Chickens At Home - Selling Surplus Eggs
3rd February 2011
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Keeping a few hens in the back garden is rapidly becoming one of the fastest growing ‘hobbies’ in the country. More and more people are looking to this character filled creature not only as a pet or pleasant addition to the garden but also as a source of home grown food in the form of eggs. In fact its fair to say that a small flock of chickens are not only excellent and accessible animals to own, but they are great addition to the running of a house, providing fresh eggs of like you will have never tasted and converting unwanted green matter into first rate compost for the garden!


One thing for sure is that most chickens are certainly efficient in producing eggs for the family and this can lead to a surplus. Think on it, a flock of 6 regular hens will produce around 200 eggs each a year. That’s 1200 eggs a year or 100 dozen if you prefer to think in egg box terms. Hens also tend to take a break from laying for up to 3 months over the winter laying much less frequently or in some cases not at all. With that in mind the sums can work out to be 3 dozen eggs a week. Even for egg intensive family this can mean surplus eggs, so what to do?


Eggs can be stored for use during the more lean months but eggs are always at their best when used fresh, so why not sell them? It won’t make you rich but it can contribute to the upkeep of the hens and ultimately mean the eggs you consume are as good as free.


So how do you go about selling your home produced eggs? Is there any restrictions or rules? On a commercial scale there are very complex and heavy regulations surrounding the sale of eggs but for the home grown market you fall within the exception known as “Farm Gate Sales” – yes, you get to call yourself a farm. Selling eggs in this way does mean you are exempt from the commercial regulations but you are restricted in the way you can market your eggs.


More information can be found here however the main don’t and do’s are:



• The eggs must not be graded in terms of size. Obviously you can box them according to size should you wish but you should not claim that they are what’s commercially known as large, medium or small.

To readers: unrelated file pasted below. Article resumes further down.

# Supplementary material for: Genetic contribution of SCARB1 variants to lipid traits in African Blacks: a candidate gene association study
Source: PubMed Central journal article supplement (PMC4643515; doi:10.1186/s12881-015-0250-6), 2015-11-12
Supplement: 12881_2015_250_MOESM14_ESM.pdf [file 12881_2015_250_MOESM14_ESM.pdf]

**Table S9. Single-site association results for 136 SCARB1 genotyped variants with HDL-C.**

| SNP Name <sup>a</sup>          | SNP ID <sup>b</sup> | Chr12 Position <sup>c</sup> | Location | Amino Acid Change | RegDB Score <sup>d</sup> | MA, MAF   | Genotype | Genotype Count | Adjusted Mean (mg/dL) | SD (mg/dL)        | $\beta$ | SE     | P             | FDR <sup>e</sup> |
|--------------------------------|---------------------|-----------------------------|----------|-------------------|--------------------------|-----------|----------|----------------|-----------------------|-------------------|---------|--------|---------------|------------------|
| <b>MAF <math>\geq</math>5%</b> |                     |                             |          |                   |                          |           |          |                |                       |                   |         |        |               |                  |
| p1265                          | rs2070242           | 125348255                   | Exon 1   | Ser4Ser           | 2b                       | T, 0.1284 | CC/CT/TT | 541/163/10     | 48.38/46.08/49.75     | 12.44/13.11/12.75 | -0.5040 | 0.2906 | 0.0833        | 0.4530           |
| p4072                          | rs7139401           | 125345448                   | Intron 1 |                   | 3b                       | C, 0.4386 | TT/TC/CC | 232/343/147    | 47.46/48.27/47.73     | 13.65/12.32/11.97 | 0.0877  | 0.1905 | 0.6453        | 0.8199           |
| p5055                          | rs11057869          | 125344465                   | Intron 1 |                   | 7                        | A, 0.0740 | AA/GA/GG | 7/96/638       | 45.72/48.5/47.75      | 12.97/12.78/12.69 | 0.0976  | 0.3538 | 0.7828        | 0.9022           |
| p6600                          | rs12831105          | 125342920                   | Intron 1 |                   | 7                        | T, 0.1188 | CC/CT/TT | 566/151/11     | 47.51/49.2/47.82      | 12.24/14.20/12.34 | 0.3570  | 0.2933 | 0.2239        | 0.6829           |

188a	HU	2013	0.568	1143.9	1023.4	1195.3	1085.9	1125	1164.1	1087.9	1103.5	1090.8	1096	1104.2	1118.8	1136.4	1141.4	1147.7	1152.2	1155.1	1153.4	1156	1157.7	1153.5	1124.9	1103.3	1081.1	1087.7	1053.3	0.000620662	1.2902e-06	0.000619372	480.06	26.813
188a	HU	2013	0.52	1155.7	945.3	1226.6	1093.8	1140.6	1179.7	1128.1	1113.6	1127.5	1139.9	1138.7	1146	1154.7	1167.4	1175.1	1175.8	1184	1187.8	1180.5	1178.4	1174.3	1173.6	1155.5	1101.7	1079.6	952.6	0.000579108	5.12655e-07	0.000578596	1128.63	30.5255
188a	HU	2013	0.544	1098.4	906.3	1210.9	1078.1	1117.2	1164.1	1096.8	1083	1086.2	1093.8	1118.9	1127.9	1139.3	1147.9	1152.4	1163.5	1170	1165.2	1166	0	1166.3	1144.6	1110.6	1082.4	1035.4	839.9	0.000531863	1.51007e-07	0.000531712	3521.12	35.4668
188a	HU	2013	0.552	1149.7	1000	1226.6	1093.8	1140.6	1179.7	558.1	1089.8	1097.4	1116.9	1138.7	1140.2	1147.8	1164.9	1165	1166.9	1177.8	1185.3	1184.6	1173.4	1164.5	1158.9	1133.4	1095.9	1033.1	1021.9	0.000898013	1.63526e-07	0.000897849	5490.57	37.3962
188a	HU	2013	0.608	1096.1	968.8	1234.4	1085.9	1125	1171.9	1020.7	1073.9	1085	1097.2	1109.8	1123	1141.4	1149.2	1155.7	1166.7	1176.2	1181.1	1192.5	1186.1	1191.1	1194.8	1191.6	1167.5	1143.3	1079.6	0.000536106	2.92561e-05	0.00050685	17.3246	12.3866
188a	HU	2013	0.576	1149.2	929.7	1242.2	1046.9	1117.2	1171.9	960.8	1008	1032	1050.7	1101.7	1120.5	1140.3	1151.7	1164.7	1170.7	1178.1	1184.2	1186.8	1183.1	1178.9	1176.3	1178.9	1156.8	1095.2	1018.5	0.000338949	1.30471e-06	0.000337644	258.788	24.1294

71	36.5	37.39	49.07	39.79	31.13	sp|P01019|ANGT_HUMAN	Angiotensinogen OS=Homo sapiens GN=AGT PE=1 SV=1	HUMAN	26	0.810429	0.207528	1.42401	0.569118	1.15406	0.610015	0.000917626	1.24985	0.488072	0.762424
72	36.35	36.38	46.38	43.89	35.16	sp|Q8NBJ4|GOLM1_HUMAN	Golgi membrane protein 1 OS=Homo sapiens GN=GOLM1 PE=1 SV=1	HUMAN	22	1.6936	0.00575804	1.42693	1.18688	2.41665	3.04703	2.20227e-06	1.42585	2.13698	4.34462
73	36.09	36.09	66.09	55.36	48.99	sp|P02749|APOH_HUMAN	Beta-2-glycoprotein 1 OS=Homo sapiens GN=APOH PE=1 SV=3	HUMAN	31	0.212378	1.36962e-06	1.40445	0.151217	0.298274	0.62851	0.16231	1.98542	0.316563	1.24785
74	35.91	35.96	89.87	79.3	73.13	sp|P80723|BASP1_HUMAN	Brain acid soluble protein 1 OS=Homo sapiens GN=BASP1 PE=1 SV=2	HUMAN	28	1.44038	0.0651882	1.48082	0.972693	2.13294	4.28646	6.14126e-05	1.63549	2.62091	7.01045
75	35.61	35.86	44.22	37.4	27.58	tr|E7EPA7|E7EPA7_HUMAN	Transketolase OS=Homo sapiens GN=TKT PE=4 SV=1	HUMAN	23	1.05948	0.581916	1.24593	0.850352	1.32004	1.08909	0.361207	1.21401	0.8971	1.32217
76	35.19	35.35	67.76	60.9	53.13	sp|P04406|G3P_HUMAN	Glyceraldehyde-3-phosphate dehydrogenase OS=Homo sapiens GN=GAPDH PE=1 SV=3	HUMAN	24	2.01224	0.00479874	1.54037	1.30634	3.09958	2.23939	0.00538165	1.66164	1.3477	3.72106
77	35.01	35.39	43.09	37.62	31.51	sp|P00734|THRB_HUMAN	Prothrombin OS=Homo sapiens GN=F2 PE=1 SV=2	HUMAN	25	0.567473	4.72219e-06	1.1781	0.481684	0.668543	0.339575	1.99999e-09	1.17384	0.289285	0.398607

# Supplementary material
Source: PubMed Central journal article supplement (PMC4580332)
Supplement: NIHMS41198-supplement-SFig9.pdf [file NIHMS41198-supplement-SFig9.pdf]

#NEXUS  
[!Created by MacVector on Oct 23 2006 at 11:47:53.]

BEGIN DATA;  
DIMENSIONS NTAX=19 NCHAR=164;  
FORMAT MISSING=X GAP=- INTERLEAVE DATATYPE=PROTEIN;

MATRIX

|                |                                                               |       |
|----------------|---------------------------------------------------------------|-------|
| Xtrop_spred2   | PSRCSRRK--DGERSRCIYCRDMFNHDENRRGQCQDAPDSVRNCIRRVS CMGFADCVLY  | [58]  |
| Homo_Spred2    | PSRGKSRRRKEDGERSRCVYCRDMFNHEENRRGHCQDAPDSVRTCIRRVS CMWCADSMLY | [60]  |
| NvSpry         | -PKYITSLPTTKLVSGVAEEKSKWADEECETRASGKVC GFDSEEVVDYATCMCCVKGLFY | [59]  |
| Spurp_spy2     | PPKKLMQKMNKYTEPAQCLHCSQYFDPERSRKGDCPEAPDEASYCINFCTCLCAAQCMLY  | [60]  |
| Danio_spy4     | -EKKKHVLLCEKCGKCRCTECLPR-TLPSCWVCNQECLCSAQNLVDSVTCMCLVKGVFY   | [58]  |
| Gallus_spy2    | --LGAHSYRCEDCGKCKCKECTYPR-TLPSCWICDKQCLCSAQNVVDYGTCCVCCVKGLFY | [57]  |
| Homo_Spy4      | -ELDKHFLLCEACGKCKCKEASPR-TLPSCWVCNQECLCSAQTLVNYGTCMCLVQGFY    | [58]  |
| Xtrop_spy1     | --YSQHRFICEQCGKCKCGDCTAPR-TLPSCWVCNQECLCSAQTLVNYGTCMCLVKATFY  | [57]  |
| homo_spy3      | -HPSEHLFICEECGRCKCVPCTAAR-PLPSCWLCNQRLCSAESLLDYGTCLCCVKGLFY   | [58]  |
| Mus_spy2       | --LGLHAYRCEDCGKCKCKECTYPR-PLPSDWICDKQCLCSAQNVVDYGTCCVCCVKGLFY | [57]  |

• Don’t try to market the eggs as “Free Range” or “Organic”. These are industry standards and as such there are requirements you must comply to in order to use such terms. The fact your hen eggs may be better than free range or organic is a mute point but let your imagination work out some different terminology.



• The eggs do need to be clean but not washed. Washing the eggs will remove the protective ‘bloom’ from the egg and potentially expose it to the risk of bacteria entering the egg. In all honesty most customers don’t mind a bit of poo or mud on the eggs but technically speaking these should be kept for your own use. It should also go without saying that the eggs should be checked for cracks before selling

• Think about how you market them, you’ll be amazed just how many people would sooner buy eggs “Off the Gate” as opposed to from a supermarket. There is always a bit of a buzz of excitement about picking up some eggs locally knowing the food miles can be counted on one finger and freshness count in days not weeks.

• Make sure you research prices. It’s remarkably easy to undercut the supermarket prices if you don’t take into consideration the actual cost of production, eg feed. Pricing them with a view to the income making a contribution to the cost of keeping the hens will still mean they are an attractive alternative to high street pricing, especially if you give it the personal touch

• Be sure to know the age of the eggs you are selling. Eggs will usually last for up to 4 weeks from the date of laying so make sure you have some system to date order your boxes of eggs and advising your customers of a best before date. In most cases you are likely to be selling eggs that are only a few days old which already puts them well ahead in terms of freshness versus then off the shelf product.


And the biggest ‘Do’s’ of all keep a count of the money you make and enjoy yourself.


Ok, the likes of Branson or Sugar won’t be quaking at the thought of your entrepreneurial enterprise but knowing your small flock of matronly madams are close on to being a self funded food supply in these austere times can certainly bring a smile to ones face.


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About the Author

Andy C

Member since: 19th May 2011

Freelance writer for country, environmental, gardening & poultry magazines (incl Oswestry based Country & Border Life).

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